Hate to bother ya, but I'm super curious. What Aberrant usually do when the Player is not around? Just sitting in his house? Also, has he ever hit another Face Monster with his lantern? No need to answer it. And have a nice day! ^-^

He reads.

A lot.

It really doesn’t matter where he is, and he’ll either sit in his room to read, or go outside to get out of the way of those who generally detest him. He tries to spend more time outside than inside.

Since the dungeons are the source of most of the books found in any town, and the dungeons go way back and were used as bunkers by stranded space/interdimensional travelers, the available books can range from magic tomes to historical accounts to technical manuals to fictional novels.

Aberrant prefers technical books to outright fiction, as he (ironically) doesn’t follow character-driven narratives well.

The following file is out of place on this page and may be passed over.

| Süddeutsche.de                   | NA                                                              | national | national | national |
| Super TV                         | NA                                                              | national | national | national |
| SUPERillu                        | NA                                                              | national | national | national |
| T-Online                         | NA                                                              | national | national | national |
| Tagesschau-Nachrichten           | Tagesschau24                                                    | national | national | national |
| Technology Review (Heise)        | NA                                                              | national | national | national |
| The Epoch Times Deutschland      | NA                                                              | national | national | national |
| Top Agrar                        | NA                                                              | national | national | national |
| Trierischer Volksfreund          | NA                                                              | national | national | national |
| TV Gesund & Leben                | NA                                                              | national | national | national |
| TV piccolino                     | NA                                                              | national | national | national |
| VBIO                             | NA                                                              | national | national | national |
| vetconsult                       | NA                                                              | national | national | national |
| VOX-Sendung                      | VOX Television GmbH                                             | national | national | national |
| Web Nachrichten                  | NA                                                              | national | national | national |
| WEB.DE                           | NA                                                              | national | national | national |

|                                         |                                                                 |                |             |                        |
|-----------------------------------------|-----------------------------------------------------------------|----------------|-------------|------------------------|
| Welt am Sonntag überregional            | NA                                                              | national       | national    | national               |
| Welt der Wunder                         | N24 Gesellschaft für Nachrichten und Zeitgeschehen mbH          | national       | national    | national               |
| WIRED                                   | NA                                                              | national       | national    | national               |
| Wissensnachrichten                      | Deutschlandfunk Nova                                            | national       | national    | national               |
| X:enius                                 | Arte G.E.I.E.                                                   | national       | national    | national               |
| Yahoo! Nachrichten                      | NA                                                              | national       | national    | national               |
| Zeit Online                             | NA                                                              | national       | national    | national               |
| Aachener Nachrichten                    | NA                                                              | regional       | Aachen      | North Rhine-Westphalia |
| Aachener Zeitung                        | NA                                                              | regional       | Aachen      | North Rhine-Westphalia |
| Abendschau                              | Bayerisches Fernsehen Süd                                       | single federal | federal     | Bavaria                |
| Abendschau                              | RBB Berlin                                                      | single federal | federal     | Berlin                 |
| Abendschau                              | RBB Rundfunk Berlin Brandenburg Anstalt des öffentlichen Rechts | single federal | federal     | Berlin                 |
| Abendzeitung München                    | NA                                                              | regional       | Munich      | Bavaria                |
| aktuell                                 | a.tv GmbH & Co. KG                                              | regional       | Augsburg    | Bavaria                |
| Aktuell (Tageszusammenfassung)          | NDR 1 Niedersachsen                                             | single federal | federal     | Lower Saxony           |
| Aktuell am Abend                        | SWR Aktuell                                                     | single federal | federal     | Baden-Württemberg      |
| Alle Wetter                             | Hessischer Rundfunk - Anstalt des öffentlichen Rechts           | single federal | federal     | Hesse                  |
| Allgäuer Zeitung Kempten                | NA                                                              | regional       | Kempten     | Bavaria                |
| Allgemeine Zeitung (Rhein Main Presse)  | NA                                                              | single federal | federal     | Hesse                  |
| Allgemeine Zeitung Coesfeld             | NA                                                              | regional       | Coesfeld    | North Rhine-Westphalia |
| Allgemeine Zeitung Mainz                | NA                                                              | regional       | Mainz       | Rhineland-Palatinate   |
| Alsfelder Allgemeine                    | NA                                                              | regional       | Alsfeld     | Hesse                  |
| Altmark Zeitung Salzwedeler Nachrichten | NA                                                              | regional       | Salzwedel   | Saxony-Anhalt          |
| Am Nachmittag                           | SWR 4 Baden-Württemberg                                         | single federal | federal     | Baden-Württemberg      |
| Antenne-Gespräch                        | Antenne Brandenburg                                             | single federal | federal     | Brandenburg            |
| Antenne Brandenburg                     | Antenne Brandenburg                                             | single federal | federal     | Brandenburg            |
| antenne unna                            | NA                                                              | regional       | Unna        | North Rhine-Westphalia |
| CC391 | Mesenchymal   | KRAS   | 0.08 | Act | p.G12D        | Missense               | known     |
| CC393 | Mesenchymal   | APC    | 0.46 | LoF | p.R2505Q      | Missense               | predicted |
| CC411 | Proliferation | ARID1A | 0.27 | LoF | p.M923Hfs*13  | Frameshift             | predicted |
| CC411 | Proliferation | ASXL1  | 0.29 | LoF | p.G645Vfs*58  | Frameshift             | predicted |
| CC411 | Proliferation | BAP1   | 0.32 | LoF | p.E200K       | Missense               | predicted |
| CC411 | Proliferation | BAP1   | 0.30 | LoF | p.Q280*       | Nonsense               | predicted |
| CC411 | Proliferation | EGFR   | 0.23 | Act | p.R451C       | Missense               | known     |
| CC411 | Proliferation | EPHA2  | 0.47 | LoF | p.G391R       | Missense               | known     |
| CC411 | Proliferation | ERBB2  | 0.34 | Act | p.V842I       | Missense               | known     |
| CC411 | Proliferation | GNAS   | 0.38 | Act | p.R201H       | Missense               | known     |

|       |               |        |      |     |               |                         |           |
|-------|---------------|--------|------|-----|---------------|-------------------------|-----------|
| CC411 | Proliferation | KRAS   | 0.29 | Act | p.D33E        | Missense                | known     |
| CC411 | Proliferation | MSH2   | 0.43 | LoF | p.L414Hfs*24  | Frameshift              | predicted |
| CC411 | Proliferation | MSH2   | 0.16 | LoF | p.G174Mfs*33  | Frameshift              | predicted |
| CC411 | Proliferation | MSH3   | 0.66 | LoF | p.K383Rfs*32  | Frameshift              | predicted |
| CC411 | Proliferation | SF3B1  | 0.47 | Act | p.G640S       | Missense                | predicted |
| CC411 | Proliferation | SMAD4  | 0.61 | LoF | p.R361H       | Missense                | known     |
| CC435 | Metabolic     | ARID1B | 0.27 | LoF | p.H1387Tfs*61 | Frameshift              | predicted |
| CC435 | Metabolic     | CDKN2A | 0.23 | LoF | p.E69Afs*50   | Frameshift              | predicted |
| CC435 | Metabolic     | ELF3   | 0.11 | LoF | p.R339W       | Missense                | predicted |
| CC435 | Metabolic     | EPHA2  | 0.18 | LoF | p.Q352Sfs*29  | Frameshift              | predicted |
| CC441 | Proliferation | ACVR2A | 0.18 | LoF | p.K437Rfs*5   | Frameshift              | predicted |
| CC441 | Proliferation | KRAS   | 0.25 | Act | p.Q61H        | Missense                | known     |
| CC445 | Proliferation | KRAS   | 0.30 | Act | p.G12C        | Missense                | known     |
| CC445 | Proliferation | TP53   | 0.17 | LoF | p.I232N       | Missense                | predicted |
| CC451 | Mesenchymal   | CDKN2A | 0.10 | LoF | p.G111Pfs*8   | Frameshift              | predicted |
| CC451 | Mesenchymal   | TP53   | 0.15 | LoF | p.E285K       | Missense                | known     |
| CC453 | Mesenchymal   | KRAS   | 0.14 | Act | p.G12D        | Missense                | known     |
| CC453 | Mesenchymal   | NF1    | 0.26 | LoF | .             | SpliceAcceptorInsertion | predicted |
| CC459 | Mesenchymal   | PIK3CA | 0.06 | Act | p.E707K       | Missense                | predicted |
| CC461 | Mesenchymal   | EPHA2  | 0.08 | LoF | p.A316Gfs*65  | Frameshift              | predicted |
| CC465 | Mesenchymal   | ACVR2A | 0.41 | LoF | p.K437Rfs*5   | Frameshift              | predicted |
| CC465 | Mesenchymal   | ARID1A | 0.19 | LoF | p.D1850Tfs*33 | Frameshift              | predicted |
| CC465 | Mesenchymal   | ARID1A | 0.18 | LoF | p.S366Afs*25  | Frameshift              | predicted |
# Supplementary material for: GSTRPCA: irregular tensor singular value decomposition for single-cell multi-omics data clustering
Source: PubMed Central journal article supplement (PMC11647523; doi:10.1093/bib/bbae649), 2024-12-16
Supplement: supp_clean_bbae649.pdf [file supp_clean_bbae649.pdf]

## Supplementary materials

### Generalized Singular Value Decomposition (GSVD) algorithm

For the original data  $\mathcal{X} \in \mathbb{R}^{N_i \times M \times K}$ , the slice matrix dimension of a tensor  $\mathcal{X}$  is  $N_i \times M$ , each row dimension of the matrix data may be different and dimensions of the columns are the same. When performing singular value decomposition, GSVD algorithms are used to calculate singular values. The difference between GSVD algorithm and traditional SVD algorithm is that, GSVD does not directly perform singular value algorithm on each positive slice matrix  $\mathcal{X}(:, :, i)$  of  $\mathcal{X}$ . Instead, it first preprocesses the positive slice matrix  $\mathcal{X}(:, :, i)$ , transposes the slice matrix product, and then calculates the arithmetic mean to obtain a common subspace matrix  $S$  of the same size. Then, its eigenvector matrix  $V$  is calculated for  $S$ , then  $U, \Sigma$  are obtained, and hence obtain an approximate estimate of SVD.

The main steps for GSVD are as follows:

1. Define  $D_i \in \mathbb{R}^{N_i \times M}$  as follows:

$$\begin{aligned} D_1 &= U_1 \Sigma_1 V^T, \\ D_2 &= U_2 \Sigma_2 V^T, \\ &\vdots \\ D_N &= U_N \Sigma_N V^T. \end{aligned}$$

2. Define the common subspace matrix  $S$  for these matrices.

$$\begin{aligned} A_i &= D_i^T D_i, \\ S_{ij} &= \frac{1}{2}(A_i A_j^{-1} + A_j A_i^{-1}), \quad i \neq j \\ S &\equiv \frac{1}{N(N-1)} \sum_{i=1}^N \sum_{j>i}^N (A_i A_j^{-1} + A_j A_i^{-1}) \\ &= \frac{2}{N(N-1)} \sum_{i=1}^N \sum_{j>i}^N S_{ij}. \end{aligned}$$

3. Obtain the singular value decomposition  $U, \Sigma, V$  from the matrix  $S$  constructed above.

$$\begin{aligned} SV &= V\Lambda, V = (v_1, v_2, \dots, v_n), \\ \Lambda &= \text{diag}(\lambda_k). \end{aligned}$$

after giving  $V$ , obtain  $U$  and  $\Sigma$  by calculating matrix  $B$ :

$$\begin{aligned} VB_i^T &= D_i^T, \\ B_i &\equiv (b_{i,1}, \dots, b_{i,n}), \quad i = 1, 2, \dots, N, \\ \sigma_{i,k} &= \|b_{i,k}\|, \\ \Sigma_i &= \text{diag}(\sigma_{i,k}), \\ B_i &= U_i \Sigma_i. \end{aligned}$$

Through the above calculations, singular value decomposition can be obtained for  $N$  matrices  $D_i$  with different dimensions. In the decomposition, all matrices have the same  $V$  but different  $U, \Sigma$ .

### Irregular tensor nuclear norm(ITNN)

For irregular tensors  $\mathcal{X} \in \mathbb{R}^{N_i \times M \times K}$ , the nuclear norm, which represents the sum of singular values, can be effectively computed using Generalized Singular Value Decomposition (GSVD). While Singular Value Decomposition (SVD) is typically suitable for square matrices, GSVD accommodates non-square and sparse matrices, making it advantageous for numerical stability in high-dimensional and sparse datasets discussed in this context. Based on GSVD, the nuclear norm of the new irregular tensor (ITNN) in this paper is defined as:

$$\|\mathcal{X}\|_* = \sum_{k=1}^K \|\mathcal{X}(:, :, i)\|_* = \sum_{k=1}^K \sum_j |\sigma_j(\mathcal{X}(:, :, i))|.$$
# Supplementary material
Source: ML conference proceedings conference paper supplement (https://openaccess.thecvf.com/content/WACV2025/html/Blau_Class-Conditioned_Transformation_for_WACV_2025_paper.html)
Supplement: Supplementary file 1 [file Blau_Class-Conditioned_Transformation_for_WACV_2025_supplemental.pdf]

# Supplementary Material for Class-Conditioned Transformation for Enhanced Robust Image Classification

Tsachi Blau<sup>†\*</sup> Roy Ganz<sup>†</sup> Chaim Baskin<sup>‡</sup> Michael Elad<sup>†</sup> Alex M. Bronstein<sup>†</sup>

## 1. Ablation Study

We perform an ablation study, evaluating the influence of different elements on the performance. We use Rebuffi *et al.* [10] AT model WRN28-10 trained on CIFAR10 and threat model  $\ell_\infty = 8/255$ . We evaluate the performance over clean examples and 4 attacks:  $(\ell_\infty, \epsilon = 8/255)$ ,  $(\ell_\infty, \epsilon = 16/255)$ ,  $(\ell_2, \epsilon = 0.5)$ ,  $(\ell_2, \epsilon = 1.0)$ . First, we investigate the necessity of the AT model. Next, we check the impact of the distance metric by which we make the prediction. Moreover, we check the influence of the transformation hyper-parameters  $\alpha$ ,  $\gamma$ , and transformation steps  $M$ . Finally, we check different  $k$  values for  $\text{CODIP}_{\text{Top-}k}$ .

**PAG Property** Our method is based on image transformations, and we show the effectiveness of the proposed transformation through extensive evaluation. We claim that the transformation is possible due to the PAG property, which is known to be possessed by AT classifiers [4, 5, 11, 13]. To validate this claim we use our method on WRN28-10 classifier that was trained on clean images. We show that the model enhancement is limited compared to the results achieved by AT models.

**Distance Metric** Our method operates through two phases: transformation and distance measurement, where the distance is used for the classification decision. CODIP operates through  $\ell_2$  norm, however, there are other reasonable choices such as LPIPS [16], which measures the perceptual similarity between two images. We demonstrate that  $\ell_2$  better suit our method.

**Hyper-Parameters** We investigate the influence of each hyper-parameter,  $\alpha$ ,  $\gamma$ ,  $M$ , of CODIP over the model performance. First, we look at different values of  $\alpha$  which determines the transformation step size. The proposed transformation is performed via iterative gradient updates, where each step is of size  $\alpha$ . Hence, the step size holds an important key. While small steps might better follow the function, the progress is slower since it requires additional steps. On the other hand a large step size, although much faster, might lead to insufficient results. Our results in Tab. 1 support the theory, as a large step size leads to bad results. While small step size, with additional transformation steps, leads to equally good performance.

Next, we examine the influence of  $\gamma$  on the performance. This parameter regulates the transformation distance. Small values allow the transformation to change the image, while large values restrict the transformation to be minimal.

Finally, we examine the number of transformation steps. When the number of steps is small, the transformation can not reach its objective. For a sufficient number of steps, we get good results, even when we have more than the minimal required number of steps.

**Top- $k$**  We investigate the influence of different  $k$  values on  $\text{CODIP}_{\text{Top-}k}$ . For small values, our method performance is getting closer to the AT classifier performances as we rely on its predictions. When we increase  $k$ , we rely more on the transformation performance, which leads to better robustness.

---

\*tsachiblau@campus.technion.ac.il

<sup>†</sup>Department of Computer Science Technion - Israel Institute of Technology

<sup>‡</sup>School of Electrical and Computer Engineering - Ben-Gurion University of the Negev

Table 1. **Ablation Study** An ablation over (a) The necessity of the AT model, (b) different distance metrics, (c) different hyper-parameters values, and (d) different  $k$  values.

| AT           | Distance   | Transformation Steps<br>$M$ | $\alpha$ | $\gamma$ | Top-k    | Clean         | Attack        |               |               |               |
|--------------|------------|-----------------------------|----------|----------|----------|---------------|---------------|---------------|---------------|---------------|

Maybe, once he runs out of textbooks and manuals, he’ll read fiction out of boredom and find he likes it. But seeing as Terraria’s wealth of objectively written work spans multiple times and dimensions, what constitutes their reality is often just as, if not more fascinating than fiction is to us. 

As for the last question…


But he would.


Today marks the 1 year anniversary of this video being posted holy s hi t

three little words

a quick drabble of the scene in 43 where vex visits victor with percy and the two actually say i love you to each other from percy’s perspective - and taliesin makes the point to repeat percy telling vex he loves her when he realizes laura didn’t hear.

prompted by @tieflingofcolor‘s message in the cr discord: “you know what I want to see in fic? that moment in episode 44 where percy/tal says “I love you” after vex convinces victor not to bribe themwhich is probably the first time percy said “i love you” to vex and his thought processes when he realizes he meant it”